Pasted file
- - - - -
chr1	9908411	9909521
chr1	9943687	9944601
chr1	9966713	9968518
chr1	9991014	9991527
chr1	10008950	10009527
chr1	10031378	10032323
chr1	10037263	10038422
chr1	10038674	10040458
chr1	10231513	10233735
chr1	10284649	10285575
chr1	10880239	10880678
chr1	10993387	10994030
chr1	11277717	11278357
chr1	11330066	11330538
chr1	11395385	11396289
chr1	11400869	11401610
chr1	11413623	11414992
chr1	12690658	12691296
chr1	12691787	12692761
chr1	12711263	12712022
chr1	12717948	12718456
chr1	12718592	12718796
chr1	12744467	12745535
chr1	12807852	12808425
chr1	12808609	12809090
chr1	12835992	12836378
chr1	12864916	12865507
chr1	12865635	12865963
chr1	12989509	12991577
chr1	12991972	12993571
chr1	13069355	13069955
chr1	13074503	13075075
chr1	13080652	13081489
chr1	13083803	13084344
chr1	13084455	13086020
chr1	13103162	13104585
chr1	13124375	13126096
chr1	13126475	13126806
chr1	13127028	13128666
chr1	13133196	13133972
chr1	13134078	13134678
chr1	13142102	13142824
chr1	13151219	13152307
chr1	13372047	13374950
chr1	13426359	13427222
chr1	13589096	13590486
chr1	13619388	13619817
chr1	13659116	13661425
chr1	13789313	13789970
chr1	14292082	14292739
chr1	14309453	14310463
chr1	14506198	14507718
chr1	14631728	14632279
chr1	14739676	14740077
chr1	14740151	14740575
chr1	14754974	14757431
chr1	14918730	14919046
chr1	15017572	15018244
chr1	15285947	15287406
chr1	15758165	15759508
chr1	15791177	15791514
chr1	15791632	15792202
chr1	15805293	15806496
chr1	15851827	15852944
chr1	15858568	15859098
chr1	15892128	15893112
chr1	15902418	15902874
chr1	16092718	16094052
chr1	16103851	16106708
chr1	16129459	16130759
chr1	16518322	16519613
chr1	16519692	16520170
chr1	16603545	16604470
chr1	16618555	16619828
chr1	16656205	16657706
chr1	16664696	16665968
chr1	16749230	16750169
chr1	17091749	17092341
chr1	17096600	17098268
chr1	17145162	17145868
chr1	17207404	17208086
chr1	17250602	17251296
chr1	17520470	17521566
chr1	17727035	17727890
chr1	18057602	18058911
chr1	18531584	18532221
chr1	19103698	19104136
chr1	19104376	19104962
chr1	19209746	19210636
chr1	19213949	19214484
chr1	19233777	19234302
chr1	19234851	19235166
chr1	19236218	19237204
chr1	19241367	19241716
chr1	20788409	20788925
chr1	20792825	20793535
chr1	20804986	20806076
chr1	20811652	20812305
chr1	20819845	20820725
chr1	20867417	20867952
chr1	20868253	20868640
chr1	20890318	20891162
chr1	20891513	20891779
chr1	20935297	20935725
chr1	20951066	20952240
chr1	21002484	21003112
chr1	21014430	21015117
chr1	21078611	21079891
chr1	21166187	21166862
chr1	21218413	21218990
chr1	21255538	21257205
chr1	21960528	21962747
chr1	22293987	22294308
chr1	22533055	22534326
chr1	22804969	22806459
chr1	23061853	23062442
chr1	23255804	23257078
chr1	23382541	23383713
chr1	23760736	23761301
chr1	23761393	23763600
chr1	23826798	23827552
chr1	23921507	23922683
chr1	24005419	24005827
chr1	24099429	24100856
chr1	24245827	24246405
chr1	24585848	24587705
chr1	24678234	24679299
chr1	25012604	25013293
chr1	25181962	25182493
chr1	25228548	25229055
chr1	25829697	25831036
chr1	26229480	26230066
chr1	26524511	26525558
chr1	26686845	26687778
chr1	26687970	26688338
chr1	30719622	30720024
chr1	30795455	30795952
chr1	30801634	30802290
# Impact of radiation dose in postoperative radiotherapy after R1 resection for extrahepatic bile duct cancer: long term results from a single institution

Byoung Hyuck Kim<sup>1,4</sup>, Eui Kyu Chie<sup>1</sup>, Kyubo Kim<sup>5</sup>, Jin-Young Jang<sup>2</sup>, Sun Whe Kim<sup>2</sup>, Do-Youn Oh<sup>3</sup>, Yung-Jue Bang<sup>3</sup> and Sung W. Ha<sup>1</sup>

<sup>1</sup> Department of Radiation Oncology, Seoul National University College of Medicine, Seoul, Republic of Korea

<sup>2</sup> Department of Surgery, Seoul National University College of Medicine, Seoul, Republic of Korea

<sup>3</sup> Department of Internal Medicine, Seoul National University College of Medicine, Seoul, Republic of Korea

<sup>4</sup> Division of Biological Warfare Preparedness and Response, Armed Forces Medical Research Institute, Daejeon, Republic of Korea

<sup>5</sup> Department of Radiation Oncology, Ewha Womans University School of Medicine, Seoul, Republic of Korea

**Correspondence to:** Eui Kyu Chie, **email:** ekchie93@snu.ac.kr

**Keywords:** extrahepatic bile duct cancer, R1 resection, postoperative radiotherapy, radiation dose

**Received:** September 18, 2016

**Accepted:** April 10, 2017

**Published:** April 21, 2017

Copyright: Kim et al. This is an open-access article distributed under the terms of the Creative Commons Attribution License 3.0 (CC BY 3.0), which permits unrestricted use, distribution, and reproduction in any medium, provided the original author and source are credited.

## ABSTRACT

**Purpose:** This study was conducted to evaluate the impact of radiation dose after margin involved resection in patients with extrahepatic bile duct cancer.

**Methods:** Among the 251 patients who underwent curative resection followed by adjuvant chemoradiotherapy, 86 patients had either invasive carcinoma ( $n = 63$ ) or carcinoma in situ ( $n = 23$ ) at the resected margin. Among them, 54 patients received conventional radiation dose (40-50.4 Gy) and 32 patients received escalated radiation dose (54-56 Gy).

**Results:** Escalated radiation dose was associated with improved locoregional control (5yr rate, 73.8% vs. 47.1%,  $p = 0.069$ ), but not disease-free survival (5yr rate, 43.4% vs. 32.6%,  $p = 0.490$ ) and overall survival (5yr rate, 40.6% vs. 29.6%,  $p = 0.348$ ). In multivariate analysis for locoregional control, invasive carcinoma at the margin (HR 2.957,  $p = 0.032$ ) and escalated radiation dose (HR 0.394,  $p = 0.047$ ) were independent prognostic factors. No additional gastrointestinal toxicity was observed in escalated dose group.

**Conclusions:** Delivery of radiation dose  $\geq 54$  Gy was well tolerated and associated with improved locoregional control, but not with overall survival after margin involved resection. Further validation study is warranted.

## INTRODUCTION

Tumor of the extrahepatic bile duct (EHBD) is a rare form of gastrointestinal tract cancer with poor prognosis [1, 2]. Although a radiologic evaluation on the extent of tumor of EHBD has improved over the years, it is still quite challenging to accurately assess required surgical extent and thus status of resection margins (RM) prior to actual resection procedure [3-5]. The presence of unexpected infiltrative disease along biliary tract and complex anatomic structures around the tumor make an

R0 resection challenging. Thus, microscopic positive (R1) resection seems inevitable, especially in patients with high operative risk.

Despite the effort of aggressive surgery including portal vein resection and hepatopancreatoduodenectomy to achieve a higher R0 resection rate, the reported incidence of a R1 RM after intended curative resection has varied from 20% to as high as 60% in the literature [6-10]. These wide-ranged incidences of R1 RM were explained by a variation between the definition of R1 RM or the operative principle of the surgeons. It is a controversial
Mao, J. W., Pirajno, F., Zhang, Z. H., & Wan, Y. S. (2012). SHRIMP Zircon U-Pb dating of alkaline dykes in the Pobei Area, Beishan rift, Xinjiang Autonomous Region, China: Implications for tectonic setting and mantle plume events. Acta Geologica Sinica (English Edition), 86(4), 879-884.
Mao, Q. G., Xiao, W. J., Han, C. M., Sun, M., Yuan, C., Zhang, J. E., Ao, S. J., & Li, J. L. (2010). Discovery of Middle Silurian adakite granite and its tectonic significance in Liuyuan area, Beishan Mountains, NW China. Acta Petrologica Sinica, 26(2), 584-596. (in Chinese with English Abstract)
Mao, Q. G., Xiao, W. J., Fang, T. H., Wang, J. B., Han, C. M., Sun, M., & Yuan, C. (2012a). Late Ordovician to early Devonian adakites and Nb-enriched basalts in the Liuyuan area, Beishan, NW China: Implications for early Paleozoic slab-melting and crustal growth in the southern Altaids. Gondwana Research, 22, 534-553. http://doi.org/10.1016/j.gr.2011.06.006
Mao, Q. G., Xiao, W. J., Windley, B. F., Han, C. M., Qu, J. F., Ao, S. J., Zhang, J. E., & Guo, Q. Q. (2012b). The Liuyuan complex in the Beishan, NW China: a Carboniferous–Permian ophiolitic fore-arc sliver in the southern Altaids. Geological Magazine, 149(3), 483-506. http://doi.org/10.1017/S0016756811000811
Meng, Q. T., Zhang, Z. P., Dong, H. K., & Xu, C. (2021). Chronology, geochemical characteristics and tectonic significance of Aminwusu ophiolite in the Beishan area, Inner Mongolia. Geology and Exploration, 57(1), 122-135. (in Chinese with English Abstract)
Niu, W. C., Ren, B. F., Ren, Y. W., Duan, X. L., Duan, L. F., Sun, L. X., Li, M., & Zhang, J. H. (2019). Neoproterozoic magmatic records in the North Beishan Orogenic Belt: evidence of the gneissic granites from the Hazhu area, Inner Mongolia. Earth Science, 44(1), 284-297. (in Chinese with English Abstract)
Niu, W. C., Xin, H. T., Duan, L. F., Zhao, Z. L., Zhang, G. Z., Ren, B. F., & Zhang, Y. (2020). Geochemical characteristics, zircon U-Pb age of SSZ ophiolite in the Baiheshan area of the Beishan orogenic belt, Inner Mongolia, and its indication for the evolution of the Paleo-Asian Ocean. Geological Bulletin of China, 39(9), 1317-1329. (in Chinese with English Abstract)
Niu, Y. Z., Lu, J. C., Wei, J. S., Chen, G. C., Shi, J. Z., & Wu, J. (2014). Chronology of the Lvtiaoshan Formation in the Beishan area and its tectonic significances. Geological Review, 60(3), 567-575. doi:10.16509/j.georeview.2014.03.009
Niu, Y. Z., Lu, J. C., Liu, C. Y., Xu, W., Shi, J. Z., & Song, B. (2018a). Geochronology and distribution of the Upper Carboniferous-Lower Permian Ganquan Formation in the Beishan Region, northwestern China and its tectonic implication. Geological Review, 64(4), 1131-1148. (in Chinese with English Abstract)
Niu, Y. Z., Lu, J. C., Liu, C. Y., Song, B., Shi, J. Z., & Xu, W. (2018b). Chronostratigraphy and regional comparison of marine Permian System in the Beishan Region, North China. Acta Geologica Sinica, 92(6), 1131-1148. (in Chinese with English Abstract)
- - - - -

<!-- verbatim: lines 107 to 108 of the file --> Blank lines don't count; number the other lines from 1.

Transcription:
chr1	21014430	21015117
chr1	21078611	21079891